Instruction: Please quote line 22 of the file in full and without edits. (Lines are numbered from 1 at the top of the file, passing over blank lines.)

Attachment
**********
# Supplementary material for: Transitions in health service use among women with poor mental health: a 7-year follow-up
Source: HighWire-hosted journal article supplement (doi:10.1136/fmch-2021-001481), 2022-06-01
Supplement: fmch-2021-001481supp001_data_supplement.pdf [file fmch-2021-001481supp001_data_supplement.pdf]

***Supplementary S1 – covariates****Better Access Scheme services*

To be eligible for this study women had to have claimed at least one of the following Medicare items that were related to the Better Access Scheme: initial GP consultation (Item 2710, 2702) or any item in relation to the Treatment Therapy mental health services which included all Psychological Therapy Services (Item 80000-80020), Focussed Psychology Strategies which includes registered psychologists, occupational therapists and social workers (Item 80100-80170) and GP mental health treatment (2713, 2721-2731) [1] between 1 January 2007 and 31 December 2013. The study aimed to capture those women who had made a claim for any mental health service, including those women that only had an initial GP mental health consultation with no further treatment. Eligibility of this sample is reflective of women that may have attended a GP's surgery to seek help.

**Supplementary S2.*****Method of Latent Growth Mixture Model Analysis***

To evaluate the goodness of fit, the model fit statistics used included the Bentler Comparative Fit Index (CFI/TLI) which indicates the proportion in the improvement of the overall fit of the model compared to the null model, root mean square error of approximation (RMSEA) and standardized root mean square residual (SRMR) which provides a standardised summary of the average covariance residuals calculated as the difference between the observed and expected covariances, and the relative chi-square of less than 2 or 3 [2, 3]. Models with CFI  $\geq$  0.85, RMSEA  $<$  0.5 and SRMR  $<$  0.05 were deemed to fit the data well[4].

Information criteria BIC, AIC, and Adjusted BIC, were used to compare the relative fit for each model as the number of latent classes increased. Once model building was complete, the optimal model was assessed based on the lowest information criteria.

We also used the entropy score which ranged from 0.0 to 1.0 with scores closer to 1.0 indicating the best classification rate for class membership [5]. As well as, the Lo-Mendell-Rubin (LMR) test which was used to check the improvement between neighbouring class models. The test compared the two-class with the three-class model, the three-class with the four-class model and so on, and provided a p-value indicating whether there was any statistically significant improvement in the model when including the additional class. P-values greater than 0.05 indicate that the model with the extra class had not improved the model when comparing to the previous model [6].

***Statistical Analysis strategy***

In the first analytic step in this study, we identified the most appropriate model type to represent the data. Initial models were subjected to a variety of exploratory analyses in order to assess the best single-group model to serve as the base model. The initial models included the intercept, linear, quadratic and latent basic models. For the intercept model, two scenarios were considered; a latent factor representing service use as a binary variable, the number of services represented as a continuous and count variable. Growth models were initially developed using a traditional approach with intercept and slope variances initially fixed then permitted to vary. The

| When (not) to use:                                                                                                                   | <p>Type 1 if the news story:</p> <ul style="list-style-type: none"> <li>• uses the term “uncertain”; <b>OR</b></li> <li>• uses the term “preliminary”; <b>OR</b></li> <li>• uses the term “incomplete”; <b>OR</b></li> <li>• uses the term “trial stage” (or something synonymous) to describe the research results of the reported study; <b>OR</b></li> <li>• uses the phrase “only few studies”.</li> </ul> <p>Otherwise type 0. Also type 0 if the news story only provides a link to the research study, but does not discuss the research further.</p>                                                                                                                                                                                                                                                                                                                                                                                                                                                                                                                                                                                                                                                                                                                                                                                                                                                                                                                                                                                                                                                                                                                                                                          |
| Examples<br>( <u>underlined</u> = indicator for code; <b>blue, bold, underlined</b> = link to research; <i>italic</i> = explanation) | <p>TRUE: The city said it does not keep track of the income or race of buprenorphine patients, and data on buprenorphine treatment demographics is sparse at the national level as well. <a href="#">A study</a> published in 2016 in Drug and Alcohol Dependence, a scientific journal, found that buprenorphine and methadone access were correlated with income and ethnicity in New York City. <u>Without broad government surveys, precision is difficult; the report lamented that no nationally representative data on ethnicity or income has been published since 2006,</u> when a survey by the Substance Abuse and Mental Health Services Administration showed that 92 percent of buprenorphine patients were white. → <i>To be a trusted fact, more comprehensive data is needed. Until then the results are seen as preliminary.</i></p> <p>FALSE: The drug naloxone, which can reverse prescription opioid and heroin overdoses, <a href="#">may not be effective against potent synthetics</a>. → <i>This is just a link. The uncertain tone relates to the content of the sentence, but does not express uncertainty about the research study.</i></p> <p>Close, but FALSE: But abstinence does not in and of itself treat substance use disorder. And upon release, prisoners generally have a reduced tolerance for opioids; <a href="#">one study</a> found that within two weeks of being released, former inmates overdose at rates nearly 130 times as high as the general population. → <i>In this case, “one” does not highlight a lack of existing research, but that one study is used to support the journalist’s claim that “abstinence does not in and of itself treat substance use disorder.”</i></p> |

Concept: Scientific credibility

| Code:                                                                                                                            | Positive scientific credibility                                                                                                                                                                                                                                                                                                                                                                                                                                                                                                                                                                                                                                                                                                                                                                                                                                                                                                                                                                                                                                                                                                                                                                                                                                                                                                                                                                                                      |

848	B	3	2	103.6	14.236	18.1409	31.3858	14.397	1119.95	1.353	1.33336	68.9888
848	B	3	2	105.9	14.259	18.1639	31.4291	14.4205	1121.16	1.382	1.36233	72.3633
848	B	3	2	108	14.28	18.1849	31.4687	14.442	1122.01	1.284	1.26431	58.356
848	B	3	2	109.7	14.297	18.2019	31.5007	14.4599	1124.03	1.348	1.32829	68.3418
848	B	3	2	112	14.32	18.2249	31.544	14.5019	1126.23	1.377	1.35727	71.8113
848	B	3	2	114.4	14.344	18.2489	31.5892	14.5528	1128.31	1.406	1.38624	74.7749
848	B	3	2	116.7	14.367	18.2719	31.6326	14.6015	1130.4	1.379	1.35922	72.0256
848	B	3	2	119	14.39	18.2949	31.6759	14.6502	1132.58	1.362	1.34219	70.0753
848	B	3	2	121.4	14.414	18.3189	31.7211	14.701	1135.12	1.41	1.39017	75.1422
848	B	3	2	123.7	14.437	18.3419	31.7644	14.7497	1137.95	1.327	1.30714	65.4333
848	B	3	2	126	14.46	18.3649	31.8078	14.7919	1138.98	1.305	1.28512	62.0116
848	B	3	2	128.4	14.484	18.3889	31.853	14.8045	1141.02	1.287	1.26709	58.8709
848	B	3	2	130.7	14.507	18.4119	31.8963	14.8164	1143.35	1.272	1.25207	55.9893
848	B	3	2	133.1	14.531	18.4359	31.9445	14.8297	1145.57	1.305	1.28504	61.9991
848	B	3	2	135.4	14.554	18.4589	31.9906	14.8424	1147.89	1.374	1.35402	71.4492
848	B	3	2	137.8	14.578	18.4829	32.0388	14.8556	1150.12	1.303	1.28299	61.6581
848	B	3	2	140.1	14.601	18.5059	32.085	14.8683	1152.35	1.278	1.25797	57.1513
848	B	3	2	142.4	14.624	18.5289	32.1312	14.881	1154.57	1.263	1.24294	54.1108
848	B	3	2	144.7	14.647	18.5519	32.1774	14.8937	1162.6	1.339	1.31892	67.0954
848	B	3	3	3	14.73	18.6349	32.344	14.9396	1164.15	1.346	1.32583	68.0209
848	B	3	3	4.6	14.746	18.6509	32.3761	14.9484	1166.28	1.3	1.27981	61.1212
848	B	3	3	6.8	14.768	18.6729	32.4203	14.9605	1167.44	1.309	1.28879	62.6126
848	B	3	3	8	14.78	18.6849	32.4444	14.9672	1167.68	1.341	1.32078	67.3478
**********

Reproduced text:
848	B	3	2	116.7	14.367	18.2719	31.6326	14.6015	1130.4	1.379	1.35922	72.0256